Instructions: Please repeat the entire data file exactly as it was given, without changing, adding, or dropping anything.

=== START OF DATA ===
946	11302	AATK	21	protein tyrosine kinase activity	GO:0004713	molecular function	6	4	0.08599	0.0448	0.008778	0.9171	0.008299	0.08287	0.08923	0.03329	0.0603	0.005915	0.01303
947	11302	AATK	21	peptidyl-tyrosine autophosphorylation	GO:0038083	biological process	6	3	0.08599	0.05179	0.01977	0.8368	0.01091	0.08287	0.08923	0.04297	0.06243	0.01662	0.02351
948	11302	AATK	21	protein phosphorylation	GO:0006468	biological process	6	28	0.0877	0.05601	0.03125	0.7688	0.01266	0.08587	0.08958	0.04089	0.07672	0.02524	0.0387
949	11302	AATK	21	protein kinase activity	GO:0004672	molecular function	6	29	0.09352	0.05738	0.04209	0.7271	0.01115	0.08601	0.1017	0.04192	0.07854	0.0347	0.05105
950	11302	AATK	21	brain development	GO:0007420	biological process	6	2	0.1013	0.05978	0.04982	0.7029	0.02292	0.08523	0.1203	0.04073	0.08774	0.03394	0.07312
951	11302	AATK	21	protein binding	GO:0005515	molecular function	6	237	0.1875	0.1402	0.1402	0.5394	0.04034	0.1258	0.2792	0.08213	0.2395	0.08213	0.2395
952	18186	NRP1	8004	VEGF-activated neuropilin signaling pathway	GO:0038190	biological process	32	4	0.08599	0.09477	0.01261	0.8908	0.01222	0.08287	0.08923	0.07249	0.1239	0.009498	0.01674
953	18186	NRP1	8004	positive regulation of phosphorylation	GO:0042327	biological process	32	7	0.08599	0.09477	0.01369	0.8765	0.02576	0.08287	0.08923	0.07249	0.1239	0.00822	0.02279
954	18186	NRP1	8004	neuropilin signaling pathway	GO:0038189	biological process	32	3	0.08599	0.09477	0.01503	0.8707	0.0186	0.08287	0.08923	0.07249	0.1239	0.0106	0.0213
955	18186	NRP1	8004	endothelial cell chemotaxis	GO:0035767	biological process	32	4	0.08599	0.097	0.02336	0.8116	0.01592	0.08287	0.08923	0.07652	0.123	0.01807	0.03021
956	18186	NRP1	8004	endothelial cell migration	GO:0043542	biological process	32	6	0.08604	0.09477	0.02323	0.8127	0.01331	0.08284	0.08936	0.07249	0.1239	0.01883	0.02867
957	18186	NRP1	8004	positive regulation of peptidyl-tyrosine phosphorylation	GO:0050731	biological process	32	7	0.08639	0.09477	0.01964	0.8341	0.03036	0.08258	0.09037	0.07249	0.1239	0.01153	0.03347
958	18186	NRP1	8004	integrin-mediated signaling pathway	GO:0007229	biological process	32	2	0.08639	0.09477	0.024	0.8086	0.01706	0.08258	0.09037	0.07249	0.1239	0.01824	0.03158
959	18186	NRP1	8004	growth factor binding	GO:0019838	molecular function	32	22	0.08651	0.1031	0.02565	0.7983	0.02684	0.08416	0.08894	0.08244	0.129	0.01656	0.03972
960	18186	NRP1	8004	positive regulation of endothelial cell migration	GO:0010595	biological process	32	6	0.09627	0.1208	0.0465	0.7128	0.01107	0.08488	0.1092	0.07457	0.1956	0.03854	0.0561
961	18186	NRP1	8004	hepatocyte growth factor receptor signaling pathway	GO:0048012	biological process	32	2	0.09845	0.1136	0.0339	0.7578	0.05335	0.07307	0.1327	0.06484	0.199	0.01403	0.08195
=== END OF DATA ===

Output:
946	11302	AATK	21	protein tyrosine kinase activity	GO:0004713	molecular function	6	4	0.08599	0.0448	0.008778	0.9171	0.008299	0.08287	0.08923	0.03329	0.0603	0.005915	0.01303
947	11302	AATK	21	peptidyl-tyrosine autophosphorylation	GO:0038083	biological process	6	3	0.08599	0.05179	0.01977	0.8368	0.01091	0.08287	0.08923	0.04297	0.06243	0.01662	0.02351
948	11302	AATK	21	protein phosphorylation	GO:0006468	biological process	6	28	0.0877	0.05601	0.03125	0.7688	0.01266	0.08587	0.08958	0.04089	0.07672	0.02524	0.0387
949	11302	AATK	21	protein kinase activity	GO:0004672	molecular function	6	29	0.09352	0.05738	0.04209	0.7271	0.01115	0.08601	0.1017	0.04192	0.07854	0.0347	0.05105
950	11302	AATK	21	brain development	GO:0007420	biological process	6	2	0.1013	0.05978	0.04982	0.7029	0.02292	0.08523	0.1203	0.04073	0.08774	0.03394	0.07312
951	11302	AATK	21	protein binding	GO:0005515	molecular function	6	237	0.1875	0.1402	0.1402	0.5394	0.04034	0.1258	0.2792	0.08213	0.2395	0.08213	0.2395
952	18186	NRP1	8004	VEGF-activated neuropilin signaling pathway	GO:0038190	biological process	32	4	0.08599	0.09477	0.01261	0.8908	0.01222	0.08287	0.08923	0.07249	0.1239	0.009498	0.01674
953	18186	NRP1	8004	positive regulation of phosphorylation	GO:0042327	biological process	32	7	0.08599	0.09477	0.01369	0.8765	0.02576	0.08287	0.08923	0.07249	0.1239	0.00822	0.02279
954	18186	NRP1	8004	neuropilin signaling pathway	GO:0038189	biological process	32	3	0.08599	0.09477	0.01503	0.8707	0.0186	0.08287	0.08923	0.07249	0.1239	0.0106	0.0213
955	18186	NRP1	8004	endothelial cell chemotaxis	GO:0035767	biological process	32	4	0.08599	0.097	0.02336	0.8116	0.01592	0.08287	0.08923	0.07652	0.123	0.01807	0.03021
956	18186	NRP1	8004	endothelial cell migration	GO:0043542	biological process	32	6	0.08604	0.09477	0.02323	0.8127	0.01331	0.08284	0.08936	0.07249	0.1239	0.01883	0.02867
957	18186	NRP1	8004	positive regulation of peptidyl-tyrosine phosphorylation	GO:0050731	biological process	32	7	0.08639	0.09477	0.01964	0.8341	0.03036	0.08258	0.09037	0.07249	0.1239	0.01153	0.03347
958	18186	NRP1	8004	integrin-mediated signaling pathway	GO:0007229	biological process	32	2	0.08639	0.09477	0.024	0.8086	0.01706	0.08258	0.09037	0.07249	0.1239	0.01824	0.03158
959	18186	NRP1	8004	growth factor binding	GO:0019838	molecular function	32	22	0.08651	0.1031	0.02565	0.7983	0.02684	0.08416	0.08894	0.08244	0.129	0.01656	0.03972
960	18186	NRP1	8004	positive regulation of endothelial cell migration	GO:0010595	biological process	32	6	0.09627	0.1208	0.0465	0.7128	0.01107	0.08488	0.1092	0.07457	0.1956	0.03854	0.0561
961	18186	NRP1	8004	hepatocyte growth factor receptor signaling pathway	GO:0048012	biological process	32	2	0.09845	0.1136	0.0339	0.7578	0.05335	0.07307	0.1327	0.06484	0.199	0.01403	0.08195